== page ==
Identification of Canadian Airman from WWII

During World War II, a Canadian airman was killed in a crash near the German city of Bonn. His plan went down in Laacher See, and his body was never successfully identified. This has recently changed six years after the initial discovery of his body, as officials have confirmed the identification of the deceased Canadian airman as Flight Sergeant John Joseph Carey, a front air gunner from Ottawa.

The plane that Carey was on at the time of his death was a bomber under the employ of the Royal Air Force Halifax. At the time of his fateful flight in 1942, Carey was only twenty-two years of age. John Joseph Carey was by far not the only Canadian airman aboard the plane at the time of its crash, but his is the primary body that has been located thus far. Evidence shows that the plane’s demise was caused by gunfire from an enemy plane while Carey and his team were on their way to conduct a bombing run against German forces.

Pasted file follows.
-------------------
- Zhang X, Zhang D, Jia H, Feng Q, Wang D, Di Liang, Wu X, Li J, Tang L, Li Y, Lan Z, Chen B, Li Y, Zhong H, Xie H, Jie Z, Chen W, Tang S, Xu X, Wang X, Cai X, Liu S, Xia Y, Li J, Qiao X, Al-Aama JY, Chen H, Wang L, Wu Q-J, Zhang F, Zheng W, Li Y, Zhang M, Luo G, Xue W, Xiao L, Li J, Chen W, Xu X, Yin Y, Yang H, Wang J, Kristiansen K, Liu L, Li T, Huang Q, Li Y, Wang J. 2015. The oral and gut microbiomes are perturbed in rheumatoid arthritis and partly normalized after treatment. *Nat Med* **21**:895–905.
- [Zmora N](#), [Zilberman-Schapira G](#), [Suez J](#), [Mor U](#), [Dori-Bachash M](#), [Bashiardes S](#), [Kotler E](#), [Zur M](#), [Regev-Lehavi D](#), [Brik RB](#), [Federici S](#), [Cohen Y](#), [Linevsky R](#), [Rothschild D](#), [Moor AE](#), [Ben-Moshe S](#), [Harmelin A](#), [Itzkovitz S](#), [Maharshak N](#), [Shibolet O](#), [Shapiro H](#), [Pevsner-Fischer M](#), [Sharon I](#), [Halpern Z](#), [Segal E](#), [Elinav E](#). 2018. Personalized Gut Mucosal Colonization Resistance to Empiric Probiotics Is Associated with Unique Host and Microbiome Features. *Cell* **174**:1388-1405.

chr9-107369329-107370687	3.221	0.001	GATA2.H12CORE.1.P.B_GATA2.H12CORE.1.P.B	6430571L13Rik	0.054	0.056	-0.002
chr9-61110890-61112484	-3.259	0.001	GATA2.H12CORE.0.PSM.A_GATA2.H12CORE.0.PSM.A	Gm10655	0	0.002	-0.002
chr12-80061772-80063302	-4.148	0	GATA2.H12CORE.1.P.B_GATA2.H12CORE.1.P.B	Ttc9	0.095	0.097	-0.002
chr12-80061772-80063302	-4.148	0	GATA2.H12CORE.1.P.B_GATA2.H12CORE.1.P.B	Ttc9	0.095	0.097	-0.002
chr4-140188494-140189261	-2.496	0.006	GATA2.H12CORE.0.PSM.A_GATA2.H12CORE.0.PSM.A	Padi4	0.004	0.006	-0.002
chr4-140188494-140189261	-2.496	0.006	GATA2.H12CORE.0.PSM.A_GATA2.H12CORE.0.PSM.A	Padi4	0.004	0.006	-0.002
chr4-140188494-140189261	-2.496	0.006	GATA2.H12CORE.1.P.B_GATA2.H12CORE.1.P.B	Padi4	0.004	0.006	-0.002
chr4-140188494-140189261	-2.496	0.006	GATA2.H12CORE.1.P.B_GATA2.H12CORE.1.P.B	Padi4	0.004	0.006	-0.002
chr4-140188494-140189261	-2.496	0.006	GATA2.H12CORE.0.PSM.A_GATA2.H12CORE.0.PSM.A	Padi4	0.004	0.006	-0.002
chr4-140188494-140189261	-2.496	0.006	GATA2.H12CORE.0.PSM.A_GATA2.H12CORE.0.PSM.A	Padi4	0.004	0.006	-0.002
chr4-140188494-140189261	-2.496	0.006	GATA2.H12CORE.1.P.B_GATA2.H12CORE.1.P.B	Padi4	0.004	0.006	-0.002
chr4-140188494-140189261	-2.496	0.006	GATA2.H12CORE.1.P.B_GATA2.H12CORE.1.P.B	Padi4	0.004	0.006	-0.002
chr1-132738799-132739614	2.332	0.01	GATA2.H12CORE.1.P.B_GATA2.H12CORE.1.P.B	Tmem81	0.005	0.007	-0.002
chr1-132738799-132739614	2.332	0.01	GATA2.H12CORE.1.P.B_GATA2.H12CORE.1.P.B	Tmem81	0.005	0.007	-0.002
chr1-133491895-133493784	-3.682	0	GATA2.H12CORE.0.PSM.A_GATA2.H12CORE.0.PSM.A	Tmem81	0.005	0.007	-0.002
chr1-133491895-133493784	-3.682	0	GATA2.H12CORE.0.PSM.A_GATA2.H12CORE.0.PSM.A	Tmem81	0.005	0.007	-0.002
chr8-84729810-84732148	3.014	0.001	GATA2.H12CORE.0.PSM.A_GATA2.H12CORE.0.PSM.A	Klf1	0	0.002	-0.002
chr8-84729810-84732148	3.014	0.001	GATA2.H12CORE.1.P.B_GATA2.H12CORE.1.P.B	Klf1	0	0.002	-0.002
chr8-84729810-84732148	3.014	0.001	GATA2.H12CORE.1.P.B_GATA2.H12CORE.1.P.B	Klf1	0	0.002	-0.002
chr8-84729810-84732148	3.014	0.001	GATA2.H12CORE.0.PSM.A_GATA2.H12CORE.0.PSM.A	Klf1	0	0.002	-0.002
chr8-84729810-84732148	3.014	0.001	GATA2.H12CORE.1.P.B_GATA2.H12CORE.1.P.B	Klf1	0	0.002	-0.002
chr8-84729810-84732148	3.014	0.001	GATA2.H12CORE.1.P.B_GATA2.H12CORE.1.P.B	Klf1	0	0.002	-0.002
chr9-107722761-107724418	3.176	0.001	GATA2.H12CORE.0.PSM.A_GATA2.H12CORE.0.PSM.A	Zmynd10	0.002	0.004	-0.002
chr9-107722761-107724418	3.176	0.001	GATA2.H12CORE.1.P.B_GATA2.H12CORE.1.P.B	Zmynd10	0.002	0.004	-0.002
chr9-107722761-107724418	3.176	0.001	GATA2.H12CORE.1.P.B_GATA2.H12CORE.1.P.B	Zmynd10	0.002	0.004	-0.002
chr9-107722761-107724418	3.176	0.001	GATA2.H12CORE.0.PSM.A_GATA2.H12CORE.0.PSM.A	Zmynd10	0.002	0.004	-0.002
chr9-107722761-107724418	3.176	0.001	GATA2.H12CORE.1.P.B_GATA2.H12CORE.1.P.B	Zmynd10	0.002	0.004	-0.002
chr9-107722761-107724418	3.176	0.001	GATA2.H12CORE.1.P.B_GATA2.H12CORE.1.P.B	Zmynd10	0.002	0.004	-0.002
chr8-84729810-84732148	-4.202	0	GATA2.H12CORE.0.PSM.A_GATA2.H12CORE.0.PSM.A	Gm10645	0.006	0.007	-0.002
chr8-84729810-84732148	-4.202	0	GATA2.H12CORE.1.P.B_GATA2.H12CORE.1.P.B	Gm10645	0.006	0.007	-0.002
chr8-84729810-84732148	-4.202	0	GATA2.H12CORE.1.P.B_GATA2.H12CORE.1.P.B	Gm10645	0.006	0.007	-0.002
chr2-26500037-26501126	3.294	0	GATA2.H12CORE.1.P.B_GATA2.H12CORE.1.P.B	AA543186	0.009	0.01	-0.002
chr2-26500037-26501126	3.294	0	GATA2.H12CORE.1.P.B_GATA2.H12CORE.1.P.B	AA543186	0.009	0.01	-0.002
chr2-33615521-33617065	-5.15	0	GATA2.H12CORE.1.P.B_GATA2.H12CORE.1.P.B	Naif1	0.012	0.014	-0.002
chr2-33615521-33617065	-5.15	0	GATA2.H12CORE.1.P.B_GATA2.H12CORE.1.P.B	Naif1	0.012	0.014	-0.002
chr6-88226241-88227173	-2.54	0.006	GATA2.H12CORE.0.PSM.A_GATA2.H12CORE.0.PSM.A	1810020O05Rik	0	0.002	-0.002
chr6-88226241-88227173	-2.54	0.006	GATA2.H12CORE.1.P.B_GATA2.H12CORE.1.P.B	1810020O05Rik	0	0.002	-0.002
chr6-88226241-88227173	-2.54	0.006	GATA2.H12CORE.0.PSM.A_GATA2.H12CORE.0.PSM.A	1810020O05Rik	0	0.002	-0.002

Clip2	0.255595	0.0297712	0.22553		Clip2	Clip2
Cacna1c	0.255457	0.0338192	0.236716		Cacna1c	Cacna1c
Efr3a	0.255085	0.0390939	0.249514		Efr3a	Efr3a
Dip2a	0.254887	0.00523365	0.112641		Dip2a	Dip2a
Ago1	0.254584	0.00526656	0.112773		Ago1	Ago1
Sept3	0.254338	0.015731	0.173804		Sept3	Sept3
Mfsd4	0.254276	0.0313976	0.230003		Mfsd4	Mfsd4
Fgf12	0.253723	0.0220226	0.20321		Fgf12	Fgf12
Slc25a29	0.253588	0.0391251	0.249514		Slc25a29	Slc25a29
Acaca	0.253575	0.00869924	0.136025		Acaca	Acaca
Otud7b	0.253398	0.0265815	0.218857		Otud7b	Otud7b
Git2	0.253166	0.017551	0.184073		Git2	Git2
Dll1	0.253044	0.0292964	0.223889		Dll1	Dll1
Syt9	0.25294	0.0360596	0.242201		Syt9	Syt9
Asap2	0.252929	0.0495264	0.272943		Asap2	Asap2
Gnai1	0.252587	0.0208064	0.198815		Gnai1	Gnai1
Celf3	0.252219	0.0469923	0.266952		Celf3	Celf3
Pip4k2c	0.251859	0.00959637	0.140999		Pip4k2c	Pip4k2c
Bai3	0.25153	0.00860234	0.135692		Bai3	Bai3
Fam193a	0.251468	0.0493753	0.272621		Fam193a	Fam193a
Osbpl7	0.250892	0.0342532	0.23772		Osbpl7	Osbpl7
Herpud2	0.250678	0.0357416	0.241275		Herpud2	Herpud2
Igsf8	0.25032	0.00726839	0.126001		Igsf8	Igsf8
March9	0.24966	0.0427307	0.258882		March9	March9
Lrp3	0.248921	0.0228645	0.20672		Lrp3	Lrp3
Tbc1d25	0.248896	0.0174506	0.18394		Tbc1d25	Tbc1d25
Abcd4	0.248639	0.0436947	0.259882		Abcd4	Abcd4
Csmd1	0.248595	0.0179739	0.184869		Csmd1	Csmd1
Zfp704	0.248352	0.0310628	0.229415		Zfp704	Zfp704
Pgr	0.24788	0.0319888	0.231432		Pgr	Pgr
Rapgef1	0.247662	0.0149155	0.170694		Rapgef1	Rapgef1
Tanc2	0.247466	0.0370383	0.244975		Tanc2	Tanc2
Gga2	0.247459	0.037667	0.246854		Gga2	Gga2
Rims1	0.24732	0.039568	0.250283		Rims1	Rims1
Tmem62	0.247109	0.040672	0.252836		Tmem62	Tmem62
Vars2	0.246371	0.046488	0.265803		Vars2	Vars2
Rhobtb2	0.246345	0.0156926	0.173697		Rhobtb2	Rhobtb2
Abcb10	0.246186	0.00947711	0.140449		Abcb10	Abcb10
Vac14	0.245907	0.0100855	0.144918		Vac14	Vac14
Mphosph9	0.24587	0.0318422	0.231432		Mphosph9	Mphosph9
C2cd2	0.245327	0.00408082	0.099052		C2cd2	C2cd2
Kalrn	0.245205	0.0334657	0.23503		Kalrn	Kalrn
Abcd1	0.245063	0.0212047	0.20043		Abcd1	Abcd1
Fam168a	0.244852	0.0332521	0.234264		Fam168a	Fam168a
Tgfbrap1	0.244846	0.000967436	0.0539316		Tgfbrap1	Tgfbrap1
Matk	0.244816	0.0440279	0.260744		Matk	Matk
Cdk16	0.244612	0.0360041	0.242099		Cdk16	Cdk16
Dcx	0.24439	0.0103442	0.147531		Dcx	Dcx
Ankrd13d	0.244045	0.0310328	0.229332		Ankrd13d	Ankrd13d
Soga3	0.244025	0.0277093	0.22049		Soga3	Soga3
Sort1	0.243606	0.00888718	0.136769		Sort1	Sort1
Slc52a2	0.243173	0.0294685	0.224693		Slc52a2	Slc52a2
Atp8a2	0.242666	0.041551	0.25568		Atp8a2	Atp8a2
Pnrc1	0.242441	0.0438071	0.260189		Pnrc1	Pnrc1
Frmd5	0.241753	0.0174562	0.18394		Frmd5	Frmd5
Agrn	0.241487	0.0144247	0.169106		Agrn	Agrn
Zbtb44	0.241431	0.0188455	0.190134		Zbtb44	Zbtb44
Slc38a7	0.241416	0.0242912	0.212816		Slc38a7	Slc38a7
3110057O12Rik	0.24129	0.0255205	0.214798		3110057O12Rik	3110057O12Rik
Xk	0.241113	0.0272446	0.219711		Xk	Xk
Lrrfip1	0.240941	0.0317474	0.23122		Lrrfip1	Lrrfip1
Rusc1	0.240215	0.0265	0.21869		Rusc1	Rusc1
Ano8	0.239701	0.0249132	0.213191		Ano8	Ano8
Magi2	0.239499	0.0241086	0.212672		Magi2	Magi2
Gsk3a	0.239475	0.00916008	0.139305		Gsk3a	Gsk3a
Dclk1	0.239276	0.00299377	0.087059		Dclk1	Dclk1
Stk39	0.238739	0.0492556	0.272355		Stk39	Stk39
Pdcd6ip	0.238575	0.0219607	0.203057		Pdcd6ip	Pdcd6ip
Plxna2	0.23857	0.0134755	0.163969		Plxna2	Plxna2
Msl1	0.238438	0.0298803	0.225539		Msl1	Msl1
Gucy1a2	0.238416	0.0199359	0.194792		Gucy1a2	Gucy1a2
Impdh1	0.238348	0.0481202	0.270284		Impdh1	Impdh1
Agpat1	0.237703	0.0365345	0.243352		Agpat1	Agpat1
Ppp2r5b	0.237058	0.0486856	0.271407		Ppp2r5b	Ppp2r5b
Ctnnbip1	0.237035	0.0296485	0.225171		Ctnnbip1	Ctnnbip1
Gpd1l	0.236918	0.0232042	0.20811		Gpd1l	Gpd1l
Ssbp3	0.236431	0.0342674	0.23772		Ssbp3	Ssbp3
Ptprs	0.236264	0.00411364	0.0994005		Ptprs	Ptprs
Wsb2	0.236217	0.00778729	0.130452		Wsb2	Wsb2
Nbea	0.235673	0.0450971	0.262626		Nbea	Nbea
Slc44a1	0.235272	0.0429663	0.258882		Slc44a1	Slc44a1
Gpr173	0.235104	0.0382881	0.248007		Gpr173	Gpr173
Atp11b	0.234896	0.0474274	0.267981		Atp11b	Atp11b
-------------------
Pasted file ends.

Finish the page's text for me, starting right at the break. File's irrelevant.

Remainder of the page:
Carey’s body was not discovered at the same time as his aircraft. In fact, divers working for a German team of ordnance disposal experts had investigated the plane numerous times before the body of the Canadian airman was discovered. They were mostly invested in learning more about the cargo aboard the plane, but the discovery of Carey’s remains sparked the investigation into his identity, who he was and how he died during the war.

Now that the identification of Carey’s remains is complete, his body can be laid to rest. He is to be given a burial at the Rheinberg War Cemetery. The ceremony will take place in early July, and surviving relative of the Canadian airman have been notified so that they may attend. The event will also be observed by officials from Canada’s military. Six years after the finding of his aircraft and seventy-two years after his death, Carey will receive the respect he deserves, the Toronto Star reports.

Canadian airman John Joseph Carey was one of several men from the Great White North who risked their lives to help free Europe from the reins of Hitler and the Nazis, and his burial will provide a chance for military representatives to honor all of those who served and lose their lives during the Second World War. While it may have taken several years, the identification of the Canadian airman is nonetheless a victory for Canada’s Defense Department.

Ian Harvey

Ian Harvey is one of the authors writing for WAR HISTORY ONLINE